nutrition questions

| October 19, 2015

Question 2:

Calcium is one of the most important minerals in the human body, and has been shown to have an important, interactive role with one of the fat-soluble vitamins, Vitamin D. Using the material from the assigned readings and discussions, list the vitamin of relevance and discuss how these two nutrients work together, and under what conditions a deficiency of one might result in a deficiency of the other. If there are any key ages of greater or lesser importance or sex differences – make sure to discuss such factors.

Answer to Question 2:

Reference(s) for Question 2:

Question 3

The attached journal reading describes several methods of diet assessment. Review that article – and list the pros and cons (strengths and limitations) of the 24-hour recall, food frequency list or questionnaire, and the diet history method.

Answer to Question 3:

Reference for Question 3:

Shim, J. S., Oh, K., & Kim, H. C. (2014). Dietary assessment methods in epidemiologic studies. Epidemiol Health, 36, e2014009.

Question 4:

List and describe specific characteristics of three possible negative health-related outcomes associated with adolescent obesity if left unchecked going into adulthood. (Make sure you provide references and citations and that your answers are specific). Number your answers 4a, 4b, and 4c.

Reference(s) for Question 4.

Dietary assessment methods in epidemiologic studies
Jee-Seon Shim1
, Kyungwon Oh2
, Hyeon Chang Kim1,3
1
Cardiovascular and Metabolic Diseases Etiology Research Center, Yonsei University College of Medicine, Seoul; 2
Division of Health and
Nutrition Survey, Korea Centers for Disease Control and Prevention, Osong; 3
Department of Preventive Medicine, Yonsei University College of
Medicine, Seoul, Korea
Diet is a major lifestyle-related risk factor of various chronic diseases. Dietary intake can be assessed by subjective
report and objective observation. Subjective assessment is possible using open-ended surveys such as
dietary recalls or records, or using closed-ended surveys including food frequency questionnaires. Each method
has inherent strengths and limitations. Continued efforts to improve the accuracy of dietary intake assessment
and enhance its feasibility in epidemiological studies have been made. This article reviews common dietary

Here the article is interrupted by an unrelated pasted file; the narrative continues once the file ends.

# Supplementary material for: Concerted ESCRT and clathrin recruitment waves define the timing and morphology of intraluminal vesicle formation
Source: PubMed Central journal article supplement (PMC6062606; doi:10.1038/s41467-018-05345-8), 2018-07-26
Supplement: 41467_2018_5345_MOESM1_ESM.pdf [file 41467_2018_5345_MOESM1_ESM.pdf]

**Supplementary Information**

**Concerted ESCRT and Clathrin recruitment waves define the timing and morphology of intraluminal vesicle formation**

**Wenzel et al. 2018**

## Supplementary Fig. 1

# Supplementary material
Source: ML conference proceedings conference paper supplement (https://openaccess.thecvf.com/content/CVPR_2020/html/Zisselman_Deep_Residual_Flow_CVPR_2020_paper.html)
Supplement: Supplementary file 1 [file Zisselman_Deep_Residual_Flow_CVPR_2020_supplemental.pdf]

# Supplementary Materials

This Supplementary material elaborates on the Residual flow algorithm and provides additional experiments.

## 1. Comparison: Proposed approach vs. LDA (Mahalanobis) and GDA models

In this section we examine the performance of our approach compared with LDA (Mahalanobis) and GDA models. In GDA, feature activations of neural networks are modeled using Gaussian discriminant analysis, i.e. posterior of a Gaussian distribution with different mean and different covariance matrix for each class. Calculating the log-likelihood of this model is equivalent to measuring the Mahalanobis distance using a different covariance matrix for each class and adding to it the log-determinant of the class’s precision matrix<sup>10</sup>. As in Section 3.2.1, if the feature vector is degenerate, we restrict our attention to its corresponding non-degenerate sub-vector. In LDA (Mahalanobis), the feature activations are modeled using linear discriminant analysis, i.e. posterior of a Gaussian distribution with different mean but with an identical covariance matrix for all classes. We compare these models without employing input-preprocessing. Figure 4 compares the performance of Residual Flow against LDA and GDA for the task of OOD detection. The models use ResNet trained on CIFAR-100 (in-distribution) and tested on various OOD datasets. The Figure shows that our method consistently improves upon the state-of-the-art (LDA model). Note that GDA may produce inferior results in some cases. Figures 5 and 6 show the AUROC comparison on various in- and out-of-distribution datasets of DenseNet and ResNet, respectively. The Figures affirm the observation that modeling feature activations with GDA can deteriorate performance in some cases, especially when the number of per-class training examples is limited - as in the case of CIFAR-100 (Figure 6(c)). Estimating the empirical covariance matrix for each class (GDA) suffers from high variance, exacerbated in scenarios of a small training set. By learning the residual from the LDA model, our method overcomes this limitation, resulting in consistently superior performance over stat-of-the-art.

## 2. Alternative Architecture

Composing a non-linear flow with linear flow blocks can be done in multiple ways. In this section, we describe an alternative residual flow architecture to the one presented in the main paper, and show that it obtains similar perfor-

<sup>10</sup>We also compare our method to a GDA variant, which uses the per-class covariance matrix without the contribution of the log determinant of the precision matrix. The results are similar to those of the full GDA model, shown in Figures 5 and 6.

assessment methods and their feasibility in epidemiological studies.
KEY WORDS: Dietary assessment, Food frequency questionnaire, 24-hour dietary recall, Dietary record
INTRODUCTION
Diet is a major lifestyle-related risk factor of a wide range of
chronic diseases. Changes in dietary habits have been found to
reduce cancer incidence by one-third [1]. Dietary information
has been useful in cardiovascular disease risk prediction [2] and
consuming a nutrient-dense diet was associated with a low risk
of all-cause mortality [3]. Contrary to other lifestyle risk factors
(e.g., smoking), dietary exposures are very difficult to measure
because all individuals eat foods, even if the amount and the
kind of food consumed is various between subjects, and people
rarely perceive what they eat and how much they do [4]. Inaccurate
dietary assessment may be a serious obstacle of understanding
the impact of dietary factors on disease.
Specific biochemical markers have been used as a surrogate
to measure the dietary intake of selected nutrients or dietary
components in epidemiological studies [5-7]. Previous studies
have found these markers to be highly correlated with dietary
intake levels, free of a social desirability bias, independent of
memory, and not based on subjects’ ability to describe the type
and quantity of food consumed [8]. Thus, these biochemical
markers may provide more accurate measures than dietary intake
estimates do. However, a number of biomarkers have been
known to provide integrated measures reflecting their absorption
and metabolism after consumption, and they are also affected
by disease or homeostatic regulation, thus their values
cannot be translated into the subject’s absolute dietary intake
[9]. Moreover, the results based on biomarkers cannot provide
dietary recommendations to modify a subject’s dietary habit.
Thus, direct assessment of dietary intake may be more informative
than biomarkers are [8,10].
Among the available dietary assessment methods, the food
frequency questionnaire (FFQ) has been widely used in large
epidemiological studies since the 1990s. After doubts of their
accuracy were raised in the 2000s [11,12], numerous changes
to the assessment methods have been made. Some researchers
have shifted their focus and concentrated their efforts to improve
the feasibility and accuracy of open-ended dietary assessment
methods rather than improve the FFQ or further find relevant
biomarkers. Other researchers have concentrated their